I’ve written an opinion piece on the senselessness of consensual politics for The National. It will be out in print this Friday, but the editors at The Review have agreed to put it up a couple of days early on the website, given the timeliness of the subject matter.
The first few paragraphs are below. Finish reading it on The National’s website, and then come on back to comment.
All for None
What’s wrong with Lebanon? Nearly four months after a landmark election handed the western-backed March 14 coalition a victory over the opposition alliance of Hizbollah, Amal and the Free Patriotic Movement, all efforts to form a government have failed. Rather than taking advantage of his coalition’s victory by putting together a cabinet composed exclusively of his own allies, prime minister-designate Saad Hariri has spent weeks coaxing and cajoling the opposition to join him in a national unity government, in which they would wield significant power.
His reasons for doing so are manifold. On the one hand, his coalition no longer commands a clear majority in parliament, due to the recent defection of the mercurial Druze leader Walid Jumblatt. At the same time, there are the wishes of an important regional ally to consider: Saudi Arabia, which is believed to be courting Syrian co-operation in Iraq in exchange for prodding its Lebanese dependants, the March 14 coalition, into a power-sharing arrangement with Hizbollah. Most importantly, Hariri seems determined to avoid a return to the polarisation of the previous parliamentary term, during which the opposition, demanding more power, quit the government and went on to paralyse the country with massive demonstrations, strikes and an 18-month downtown sit-in.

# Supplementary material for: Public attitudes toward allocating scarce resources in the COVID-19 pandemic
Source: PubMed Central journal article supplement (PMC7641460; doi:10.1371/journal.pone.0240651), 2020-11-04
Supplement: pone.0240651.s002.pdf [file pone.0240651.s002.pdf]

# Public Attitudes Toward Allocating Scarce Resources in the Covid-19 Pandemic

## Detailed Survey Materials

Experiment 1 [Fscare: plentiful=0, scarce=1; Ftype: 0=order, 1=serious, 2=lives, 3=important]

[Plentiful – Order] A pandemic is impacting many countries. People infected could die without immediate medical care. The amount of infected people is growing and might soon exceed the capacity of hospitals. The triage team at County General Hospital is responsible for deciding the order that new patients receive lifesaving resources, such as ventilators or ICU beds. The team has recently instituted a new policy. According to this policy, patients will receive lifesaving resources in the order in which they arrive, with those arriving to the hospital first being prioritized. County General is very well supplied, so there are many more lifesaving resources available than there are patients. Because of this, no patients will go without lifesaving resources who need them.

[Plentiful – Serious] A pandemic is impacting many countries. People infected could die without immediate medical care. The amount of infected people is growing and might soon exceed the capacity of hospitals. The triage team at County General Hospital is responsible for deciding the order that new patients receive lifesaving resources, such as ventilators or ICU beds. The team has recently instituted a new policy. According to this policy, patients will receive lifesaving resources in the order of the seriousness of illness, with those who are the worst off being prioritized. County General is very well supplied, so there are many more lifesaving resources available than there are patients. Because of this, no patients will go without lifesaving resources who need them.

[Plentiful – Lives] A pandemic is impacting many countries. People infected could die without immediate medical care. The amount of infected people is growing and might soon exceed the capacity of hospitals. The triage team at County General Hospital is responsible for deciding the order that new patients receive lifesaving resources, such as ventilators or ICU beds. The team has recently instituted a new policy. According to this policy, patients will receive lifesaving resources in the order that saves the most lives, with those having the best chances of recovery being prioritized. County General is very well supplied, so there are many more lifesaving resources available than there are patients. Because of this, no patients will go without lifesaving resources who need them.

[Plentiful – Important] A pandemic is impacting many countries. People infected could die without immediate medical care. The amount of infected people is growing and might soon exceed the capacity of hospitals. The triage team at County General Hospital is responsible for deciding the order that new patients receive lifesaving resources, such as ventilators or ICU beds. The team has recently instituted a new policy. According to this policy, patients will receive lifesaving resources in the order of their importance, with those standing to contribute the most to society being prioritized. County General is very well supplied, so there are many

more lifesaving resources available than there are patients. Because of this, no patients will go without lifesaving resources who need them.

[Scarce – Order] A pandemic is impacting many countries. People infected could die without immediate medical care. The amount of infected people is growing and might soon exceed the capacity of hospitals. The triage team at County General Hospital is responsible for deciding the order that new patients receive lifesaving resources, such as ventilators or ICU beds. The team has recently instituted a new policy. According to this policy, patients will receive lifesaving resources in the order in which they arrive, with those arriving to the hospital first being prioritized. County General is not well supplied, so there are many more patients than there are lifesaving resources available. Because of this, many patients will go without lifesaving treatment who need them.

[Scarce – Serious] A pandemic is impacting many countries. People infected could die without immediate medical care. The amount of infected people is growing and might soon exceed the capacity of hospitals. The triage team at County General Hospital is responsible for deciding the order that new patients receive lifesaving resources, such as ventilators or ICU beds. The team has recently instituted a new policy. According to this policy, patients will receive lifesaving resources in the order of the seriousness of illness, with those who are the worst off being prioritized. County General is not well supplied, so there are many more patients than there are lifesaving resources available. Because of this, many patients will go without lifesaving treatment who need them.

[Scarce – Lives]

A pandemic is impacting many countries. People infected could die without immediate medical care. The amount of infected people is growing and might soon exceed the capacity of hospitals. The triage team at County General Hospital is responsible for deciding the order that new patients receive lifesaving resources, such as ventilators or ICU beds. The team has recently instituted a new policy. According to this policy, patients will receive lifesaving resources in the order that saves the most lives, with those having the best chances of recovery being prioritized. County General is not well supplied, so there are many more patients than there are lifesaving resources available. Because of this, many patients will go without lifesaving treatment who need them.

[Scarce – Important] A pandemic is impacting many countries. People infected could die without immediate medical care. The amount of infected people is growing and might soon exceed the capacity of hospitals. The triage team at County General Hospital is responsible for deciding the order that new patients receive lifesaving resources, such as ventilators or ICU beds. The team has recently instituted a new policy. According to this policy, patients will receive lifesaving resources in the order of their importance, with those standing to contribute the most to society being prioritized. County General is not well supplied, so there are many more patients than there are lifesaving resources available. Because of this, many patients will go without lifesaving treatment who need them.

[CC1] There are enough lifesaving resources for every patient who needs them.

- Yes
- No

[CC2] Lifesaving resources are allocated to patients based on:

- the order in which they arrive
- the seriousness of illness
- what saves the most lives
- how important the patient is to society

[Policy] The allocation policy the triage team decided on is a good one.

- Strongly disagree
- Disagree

The opposition’s objective then, as it is now, was to replace the majority cabinet with a national unity government in which it would have veto power over important legislation. Appealing to the timeworn argument that Lebanon cannot be ruled by simple majorities because of its diverse sectarian make-up, leaders like Hassan Nasrallah and Michel Aoun have insisted on transforming the principle of consensual decision-making from an abstract desideratum into a practical necessity.
While March 14 figures have publicly insisted on upholding their prerogative to form a majority cabinet, they too have quietly accepted the idea of sharing power by virtue of a face-saving compromise, the so-called “15-10-5 formula”. Under this arrangement, March 14 would control half the seats of a 30-member cabinet; the opposition would control 10 seats (one short of the votes required to veto major legislation); and the President, Michel Suleiman, would appoint the last five ministers, with the understanding that one of them would be free to vote with the opposition on major, “life-and-death” issues (such as the matter of Hezbollah’s weapons).
The fact that even the majority parties have been more interested in trying to get the best deal they can under this framework, rather than questioning its legitimacy in the first place, betrays their belief – to paraphrase Churchill – that while consensual democracy may be the worst form of government, it is better than all the others.